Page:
Bernard on Lyon, 'Memory and the Dissolution of the Monasteries in Early Modern England'

Harriet Lyon. Memory and the Dissolution of the Monasteries in Early Modern England. Cambridge: Cambridge University Press, 2021. 300 pp. $99.99 (e-book), ISBN 978-1-00-902910-0; $99.99 (cloth), ISBN 978-1-316-51640-9.

Reviewed by George Bernard (University of Southampton)
Published on H-Albion (March, 2023)
Commissioned by Jeffrey R. Wigelsworth (Red Deer Polytechnic)

Printable Version:

It is not, it is often said, for reviewers to suggest that a book would have been better served by being structured differently. Yet it is not hard to feel that Harriet Lyon’s study might warrant such a response. The most serious problem is that the book lacks an integrating overall argument. Different parts of the book deal with unrelated topics. Any reviews are thus going to be a series of thoughts prompted by different parts of the book.

Lyon insists that her book is not about the dissolution of the monasteries as such but about responses to the dissolution; in short it is about what she calls the afterlife, or afterlives, of the dissolution. It is not clear that such a distinction is helpful. Before you can assess responses to the dissolution you surely need to know plenty about the phenomenon itself, certainly more than is offered here. Lyon does devote the introduction and the first chapter to what happened in the 1530s, but her account ducks away from controversies such as the respective roles of Henry VIII and Thomas Cromwell in the process of dissolution. It has the feel of a literature search, characterized by brief summaries of relevant books and articles, rather than a substantial and direct engagement with key issues. And Lyon does not really appear at home with the high politics of the dissolution. For example, in places she seems to be endorsing what remains the conventional view, namely that it was the act of 1539 that set in motion the final dissolution. Yet later in the same chapter she offers a view that is less widely held, but more convincing, namely that the act of 1539 ratified and confirmed legally all surrenders of monasteries by abbots and monks to the king, but that in no way did the act actually dissolve anything.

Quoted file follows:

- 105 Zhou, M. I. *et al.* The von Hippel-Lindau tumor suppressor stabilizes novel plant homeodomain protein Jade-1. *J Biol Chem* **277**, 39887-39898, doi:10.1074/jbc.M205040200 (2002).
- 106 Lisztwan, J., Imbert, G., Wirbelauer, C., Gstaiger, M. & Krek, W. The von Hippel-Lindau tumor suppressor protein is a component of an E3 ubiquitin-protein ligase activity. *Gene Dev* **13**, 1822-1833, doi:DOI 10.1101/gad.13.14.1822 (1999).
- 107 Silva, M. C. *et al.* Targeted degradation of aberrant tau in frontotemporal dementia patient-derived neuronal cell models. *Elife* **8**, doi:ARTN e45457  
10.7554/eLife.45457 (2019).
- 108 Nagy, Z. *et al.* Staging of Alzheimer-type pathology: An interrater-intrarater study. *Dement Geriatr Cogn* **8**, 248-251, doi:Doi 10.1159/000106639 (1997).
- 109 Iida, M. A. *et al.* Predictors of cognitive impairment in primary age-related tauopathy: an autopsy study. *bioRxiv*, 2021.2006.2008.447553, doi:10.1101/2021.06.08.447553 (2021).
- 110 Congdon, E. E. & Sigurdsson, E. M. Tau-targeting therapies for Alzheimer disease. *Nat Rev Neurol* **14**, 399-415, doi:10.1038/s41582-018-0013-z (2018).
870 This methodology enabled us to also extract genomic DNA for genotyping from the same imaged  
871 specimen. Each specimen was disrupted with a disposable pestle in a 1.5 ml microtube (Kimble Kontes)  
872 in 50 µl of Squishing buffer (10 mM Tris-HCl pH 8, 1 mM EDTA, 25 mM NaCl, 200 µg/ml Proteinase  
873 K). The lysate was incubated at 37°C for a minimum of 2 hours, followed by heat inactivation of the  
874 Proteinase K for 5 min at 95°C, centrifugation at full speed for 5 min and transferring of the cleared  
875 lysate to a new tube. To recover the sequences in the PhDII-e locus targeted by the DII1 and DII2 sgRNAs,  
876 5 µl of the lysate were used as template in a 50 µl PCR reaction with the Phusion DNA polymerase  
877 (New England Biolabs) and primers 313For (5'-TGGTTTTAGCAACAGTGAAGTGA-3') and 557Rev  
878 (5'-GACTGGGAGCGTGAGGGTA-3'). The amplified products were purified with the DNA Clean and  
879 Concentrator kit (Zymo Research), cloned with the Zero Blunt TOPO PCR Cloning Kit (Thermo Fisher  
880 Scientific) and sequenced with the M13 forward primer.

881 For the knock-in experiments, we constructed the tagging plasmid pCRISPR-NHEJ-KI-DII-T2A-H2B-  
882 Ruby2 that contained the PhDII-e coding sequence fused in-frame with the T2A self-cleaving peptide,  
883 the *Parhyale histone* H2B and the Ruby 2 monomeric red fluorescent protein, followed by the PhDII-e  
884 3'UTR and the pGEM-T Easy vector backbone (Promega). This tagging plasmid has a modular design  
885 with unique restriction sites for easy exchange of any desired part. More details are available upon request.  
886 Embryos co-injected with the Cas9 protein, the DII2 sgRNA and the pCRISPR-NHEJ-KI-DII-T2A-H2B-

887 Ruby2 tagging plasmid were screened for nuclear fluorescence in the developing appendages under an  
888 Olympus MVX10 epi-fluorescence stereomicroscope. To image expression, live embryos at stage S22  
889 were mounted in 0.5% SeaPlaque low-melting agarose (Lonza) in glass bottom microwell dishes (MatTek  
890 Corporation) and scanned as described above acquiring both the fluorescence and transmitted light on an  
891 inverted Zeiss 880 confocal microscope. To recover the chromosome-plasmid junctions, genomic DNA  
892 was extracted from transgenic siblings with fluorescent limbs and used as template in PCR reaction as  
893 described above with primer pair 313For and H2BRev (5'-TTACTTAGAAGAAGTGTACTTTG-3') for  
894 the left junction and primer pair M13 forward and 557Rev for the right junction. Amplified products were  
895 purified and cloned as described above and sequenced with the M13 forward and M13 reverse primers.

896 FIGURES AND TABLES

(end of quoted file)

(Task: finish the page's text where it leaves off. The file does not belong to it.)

In her account of the dissolution she does not do justice to the popular protests in 1536-37 directed against the dissolution of the smaller religious houses, and in that respect she deals inadequately with the protests as responses to the dissolution. Nor does she do justice to the rebellions of 1536-37 as triggers of that final dissolution in 1538-40 when Henry VIII was enraged by what he saw as rebellions and sent commissioners around the country persuading abbots and monks to make “voluntary” surrenders of their houses to the king. Lyon’s account would have been stronger if she had gone on to discuss by what authority that was done.

Instead the second half of the book deals with a range of scholars and antiquarians, notably John Stow’s Annals (1580) and Holinshed’s Chronicles (1577). Here she brings out the differences between Catholics and Protestants but also emphasizes differences between different strands of Protestants. There should have been more on Catholic polemicists, notably Nicholas Sander and Nicholas Harpsfield. Lyon offers instead some rather grand formulations as when she presents the dissolution as part of “an entire English Reformation” (book abstract). But there was no such “entire Reformation,” as she well knows.